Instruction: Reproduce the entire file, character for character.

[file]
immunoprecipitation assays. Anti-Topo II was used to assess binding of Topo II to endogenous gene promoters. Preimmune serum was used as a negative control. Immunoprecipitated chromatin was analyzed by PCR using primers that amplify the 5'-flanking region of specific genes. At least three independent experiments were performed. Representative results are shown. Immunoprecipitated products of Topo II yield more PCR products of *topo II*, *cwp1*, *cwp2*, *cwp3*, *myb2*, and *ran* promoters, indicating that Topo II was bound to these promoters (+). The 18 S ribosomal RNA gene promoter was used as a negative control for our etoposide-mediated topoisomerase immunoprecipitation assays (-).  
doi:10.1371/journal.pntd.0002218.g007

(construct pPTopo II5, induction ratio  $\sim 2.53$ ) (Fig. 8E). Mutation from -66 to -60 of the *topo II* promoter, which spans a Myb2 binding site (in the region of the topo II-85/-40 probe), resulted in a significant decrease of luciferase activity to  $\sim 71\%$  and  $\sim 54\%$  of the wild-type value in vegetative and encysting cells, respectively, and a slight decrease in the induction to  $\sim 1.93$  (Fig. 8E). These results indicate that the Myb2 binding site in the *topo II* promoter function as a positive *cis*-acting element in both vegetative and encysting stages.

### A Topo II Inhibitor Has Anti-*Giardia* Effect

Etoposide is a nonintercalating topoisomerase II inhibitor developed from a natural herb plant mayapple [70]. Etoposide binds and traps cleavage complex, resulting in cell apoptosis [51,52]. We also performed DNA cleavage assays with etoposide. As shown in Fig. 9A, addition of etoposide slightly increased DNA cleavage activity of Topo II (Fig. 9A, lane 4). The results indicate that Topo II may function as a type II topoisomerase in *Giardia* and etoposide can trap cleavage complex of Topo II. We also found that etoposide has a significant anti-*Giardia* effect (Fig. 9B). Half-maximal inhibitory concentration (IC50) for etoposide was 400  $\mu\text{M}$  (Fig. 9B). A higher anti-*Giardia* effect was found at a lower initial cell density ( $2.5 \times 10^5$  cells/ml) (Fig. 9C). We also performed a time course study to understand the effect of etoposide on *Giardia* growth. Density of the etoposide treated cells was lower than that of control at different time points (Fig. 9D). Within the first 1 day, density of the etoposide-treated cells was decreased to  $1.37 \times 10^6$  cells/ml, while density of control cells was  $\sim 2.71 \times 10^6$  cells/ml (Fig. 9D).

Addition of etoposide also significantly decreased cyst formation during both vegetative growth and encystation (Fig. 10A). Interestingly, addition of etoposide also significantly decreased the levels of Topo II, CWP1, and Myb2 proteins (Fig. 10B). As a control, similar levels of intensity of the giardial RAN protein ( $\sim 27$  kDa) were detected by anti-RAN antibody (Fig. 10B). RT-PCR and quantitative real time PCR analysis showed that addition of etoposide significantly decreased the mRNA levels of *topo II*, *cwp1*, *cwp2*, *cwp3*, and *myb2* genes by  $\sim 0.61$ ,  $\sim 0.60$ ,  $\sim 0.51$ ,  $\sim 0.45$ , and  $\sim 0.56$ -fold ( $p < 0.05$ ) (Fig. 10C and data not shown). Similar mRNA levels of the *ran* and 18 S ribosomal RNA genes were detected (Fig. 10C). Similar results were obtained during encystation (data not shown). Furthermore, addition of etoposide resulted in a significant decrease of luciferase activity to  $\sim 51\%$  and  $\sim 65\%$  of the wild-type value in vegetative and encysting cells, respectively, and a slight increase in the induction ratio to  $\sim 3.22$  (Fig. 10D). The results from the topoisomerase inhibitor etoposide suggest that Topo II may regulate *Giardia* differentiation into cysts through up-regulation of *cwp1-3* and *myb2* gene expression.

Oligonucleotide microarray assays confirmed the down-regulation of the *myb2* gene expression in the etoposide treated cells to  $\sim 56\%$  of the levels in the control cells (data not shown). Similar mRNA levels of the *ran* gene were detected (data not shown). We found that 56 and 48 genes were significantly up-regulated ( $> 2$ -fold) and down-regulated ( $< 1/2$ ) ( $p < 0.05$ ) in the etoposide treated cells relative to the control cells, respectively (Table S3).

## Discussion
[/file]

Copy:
immunoprecipitation assays. Anti-Topo II was used to assess binding of Topo II to endogenous gene promoters. Preimmune serum was used as a negative control. Immunoprecipitated chromatin was analyzed by PCR using primers that amplify the 5'-flanking region of specific genes. At least three independent experiments were performed. Representative results are shown. Immunoprecipitated products of Topo II yield more PCR products of *topo II*, *cwp1*, *cwp2*, *cwp3*, *myb2*, and *ran* promoters, indicating that Topo II was bound to these promoters (+). The 18 S ribosomal RNA gene promoter was used as a negative control for our etoposide-mediated topoisomerase immunoprecipitation assays (-).  
doi:10.1371/journal.pntd.0002218.g007

(construct pPTopo II5, induction ratio  $\sim 2.53$ ) (Fig. 8E). Mutation from -66 to -60 of the *topo II* promoter, which spans a Myb2 binding site (in the region of the topo II-85/-40 probe), resulted in a significant decrease of luciferase activity to  $\sim 71\%$  and  $\sim 54\%$  of the wild-type value in vegetative and encysting cells, respectively, and a slight decrease in the induction to  $\sim 1.93$  (Fig. 8E). These results indicate that the Myb2 binding site in the *topo II* promoter function as a positive *cis*-acting element in both vegetative and encysting stages.

### A Topo II Inhibitor Has Anti-*Giardia* Effect

Etoposide is a nonintercalating topoisomerase II inhibitor developed from a natural herb plant mayapple [70]. Etoposide binds and traps cleavage complex, resulting in cell apoptosis [51,52]. We also performed DNA cleavage assays with etoposide. As shown in Fig. 9A, addition of etoposide slightly increased DNA cleavage activity of Topo II (Fig. 9A, lane 4). The results indicate that Topo II may function as a type II topoisomerase in *Giardia* and etoposide can trap cleavage complex of Topo II. We also found that etoposide has a significant anti-*Giardia* effect (Fig. 9B). Half-maximal inhibitory concentration (IC50) for etoposide was 400  $\mu\text{M}$  (Fig. 9B). A higher anti-*Giardia* effect was found at a lower initial cell density ( $2.5 \times 10^5$  cells/ml) (Fig. 9C). We also performed a time course study to understand the effect of etoposide on *Giardia* growth. Density of the etoposide treated cells was lower than that of control at different time points (Fig. 9D). Within the first 1 day, density of the etoposide-treated cells was decreased to  $1.37 \times 10^6$  cells/ml, while density of control cells was  $\sim 2.71 \times 10^6$  cells/ml (Fig. 9D).

Addition of etoposide also significantly decreased cyst formation during both vegetative growth and encystation (Fig. 10A). Interestingly, addition of etoposide also significantly decreased the levels of Topo II, CWP1, and Myb2 proteins (Fig. 10B). As a control, similar levels of intensity of the giardial RAN protein ( $\sim 27$  kDa) were detected by anti-RAN antibody (Fig. 10B). RT-PCR and quantitative real time PCR analysis showed that addition of etoposide significantly decreased the mRNA levels of *topo II*, *cwp1*, *cwp2*, *cwp3*, and *myb2* genes by  $\sim 0.61$ ,  $\sim 0.60$ ,  $\sim 0.51$ ,  $\sim 0.45$ , and  $\sim 0.56$ -fold ( $p < 0.05$ ) (Fig. 10C and data not shown). Similar mRNA levels of the *ran* and 18 S ribosomal RNA genes were detected (Fig. 10C). Similar results were obtained during encystation (data not shown). Furthermore, addition of etoposide resulted in a significant decrease of luciferase activity to  $\sim 51\%$  and  $\sim 65\%$  of the wild-type value in vegetative and encysting cells, respectively, and a slight increase in the induction ratio to  $\sim 3.22$  (Fig. 10D). The results from the topoisomerase inhibitor etoposide suggest that Topo II may regulate *Giardia* differentiation into cysts through up-regulation of *cwp1-3* and *myb2* gene expression.

Oligonucleotide microarray assays confirmed the down-regulation of the *myb2* gene expression in the etoposide treated cells to  $\sim 56\%$  of the levels in the control cells (data not shown). Similar mRNA levels of the *ran* gene were detected (data not shown). We found that 56 and 48 genes were significantly up-regulated ( $> 2$ -fold) and down-regulated ( $< 1/2$ ) ( $p < 0.05$ ) in the etoposide treated cells relative to the control cells, respectively (Table S3).

## Discussion